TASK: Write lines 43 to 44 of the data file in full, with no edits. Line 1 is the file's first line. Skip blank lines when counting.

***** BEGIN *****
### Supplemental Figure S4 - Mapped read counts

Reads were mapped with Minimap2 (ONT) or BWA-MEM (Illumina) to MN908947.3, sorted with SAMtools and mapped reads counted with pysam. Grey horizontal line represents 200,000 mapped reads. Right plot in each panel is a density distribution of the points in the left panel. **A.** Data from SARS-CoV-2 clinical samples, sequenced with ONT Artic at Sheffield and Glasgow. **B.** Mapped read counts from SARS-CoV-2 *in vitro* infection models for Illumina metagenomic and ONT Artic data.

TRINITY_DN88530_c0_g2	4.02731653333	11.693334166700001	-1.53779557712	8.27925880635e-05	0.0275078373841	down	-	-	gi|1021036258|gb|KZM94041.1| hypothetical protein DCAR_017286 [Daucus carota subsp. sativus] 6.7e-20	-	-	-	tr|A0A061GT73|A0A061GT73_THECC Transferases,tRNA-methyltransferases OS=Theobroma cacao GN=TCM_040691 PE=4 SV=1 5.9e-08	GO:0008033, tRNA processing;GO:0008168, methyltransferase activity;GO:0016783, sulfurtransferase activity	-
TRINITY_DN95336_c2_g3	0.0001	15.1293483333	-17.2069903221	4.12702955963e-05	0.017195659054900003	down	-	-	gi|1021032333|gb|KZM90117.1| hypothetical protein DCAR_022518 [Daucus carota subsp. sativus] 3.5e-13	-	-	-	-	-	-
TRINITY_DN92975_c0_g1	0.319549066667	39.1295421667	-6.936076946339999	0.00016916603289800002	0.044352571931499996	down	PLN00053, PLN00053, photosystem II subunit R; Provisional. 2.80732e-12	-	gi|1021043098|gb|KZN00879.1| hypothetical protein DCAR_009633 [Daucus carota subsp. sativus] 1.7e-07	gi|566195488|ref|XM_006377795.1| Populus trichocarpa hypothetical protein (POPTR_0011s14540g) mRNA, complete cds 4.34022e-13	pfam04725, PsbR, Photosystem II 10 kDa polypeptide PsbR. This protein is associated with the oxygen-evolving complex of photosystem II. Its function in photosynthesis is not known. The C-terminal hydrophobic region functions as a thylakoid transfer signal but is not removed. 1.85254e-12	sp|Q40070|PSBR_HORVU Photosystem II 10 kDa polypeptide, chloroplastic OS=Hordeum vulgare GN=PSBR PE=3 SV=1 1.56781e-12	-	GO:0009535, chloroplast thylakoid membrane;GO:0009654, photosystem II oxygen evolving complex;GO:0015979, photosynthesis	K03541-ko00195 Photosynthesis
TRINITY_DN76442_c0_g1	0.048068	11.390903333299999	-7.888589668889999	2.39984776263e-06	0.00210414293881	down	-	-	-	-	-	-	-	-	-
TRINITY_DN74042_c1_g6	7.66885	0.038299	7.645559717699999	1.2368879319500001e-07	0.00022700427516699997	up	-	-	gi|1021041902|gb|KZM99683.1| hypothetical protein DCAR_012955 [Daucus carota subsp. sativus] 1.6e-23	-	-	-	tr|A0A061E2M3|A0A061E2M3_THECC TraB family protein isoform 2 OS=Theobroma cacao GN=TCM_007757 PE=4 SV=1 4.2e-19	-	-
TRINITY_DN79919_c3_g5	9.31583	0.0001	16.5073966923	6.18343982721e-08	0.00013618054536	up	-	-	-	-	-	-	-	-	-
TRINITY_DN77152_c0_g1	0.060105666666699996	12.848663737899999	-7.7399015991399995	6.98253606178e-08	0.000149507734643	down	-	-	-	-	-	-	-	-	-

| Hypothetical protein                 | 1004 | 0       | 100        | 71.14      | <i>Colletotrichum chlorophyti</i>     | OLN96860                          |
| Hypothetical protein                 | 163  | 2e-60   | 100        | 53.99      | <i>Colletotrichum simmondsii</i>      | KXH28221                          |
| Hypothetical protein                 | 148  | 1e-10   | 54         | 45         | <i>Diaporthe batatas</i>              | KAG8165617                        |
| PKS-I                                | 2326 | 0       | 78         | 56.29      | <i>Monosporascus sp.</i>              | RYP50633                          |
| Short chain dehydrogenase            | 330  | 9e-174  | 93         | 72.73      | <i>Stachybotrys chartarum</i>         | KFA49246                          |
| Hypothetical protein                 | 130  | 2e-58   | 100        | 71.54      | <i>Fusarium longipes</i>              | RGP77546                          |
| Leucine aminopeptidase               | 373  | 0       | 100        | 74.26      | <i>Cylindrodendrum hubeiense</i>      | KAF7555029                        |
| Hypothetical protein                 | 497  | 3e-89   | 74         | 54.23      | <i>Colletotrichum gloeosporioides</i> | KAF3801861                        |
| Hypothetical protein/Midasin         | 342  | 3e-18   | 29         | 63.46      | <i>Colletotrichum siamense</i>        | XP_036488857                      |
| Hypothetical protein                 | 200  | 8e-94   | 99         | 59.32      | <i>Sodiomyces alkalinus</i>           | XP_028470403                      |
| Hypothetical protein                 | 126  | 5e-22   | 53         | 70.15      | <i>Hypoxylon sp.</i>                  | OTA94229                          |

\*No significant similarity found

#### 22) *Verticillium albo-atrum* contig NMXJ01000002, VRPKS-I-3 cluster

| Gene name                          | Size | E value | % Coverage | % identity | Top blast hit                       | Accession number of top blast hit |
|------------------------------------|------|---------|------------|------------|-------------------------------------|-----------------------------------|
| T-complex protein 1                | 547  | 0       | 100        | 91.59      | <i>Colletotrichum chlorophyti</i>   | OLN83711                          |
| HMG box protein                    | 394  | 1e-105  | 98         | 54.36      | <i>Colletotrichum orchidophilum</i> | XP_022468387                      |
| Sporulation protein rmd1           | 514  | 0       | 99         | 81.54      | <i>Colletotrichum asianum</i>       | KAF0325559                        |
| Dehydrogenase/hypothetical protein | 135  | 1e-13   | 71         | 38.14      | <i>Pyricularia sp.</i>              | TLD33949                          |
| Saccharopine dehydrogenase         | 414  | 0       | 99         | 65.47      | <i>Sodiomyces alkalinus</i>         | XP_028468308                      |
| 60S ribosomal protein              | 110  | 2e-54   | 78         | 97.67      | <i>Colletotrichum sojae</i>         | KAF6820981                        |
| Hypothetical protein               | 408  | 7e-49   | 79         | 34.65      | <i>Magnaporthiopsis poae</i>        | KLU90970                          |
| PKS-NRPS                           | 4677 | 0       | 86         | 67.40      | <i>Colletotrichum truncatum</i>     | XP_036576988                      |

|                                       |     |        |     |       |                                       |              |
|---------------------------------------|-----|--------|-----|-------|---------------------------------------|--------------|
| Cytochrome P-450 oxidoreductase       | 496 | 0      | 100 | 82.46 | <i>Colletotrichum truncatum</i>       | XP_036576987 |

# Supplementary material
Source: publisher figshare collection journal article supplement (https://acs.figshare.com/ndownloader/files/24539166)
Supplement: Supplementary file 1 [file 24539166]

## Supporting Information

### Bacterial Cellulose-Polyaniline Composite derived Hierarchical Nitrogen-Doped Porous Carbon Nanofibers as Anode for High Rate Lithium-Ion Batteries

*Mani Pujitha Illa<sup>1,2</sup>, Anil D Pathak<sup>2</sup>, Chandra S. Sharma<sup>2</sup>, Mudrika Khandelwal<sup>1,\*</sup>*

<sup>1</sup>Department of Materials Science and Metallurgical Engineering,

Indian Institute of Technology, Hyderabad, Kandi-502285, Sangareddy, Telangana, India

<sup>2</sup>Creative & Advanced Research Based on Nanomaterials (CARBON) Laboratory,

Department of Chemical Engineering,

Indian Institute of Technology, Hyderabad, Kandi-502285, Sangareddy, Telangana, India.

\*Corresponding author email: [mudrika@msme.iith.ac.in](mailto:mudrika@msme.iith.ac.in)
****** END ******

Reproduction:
Indian Institute of Technology, Hyderabad, Kandi-502285, Sangareddy, Telangana, India

<sup>2</sup>Creative & Advanced Research Based on Nanomaterials (CARBON) Laboratory,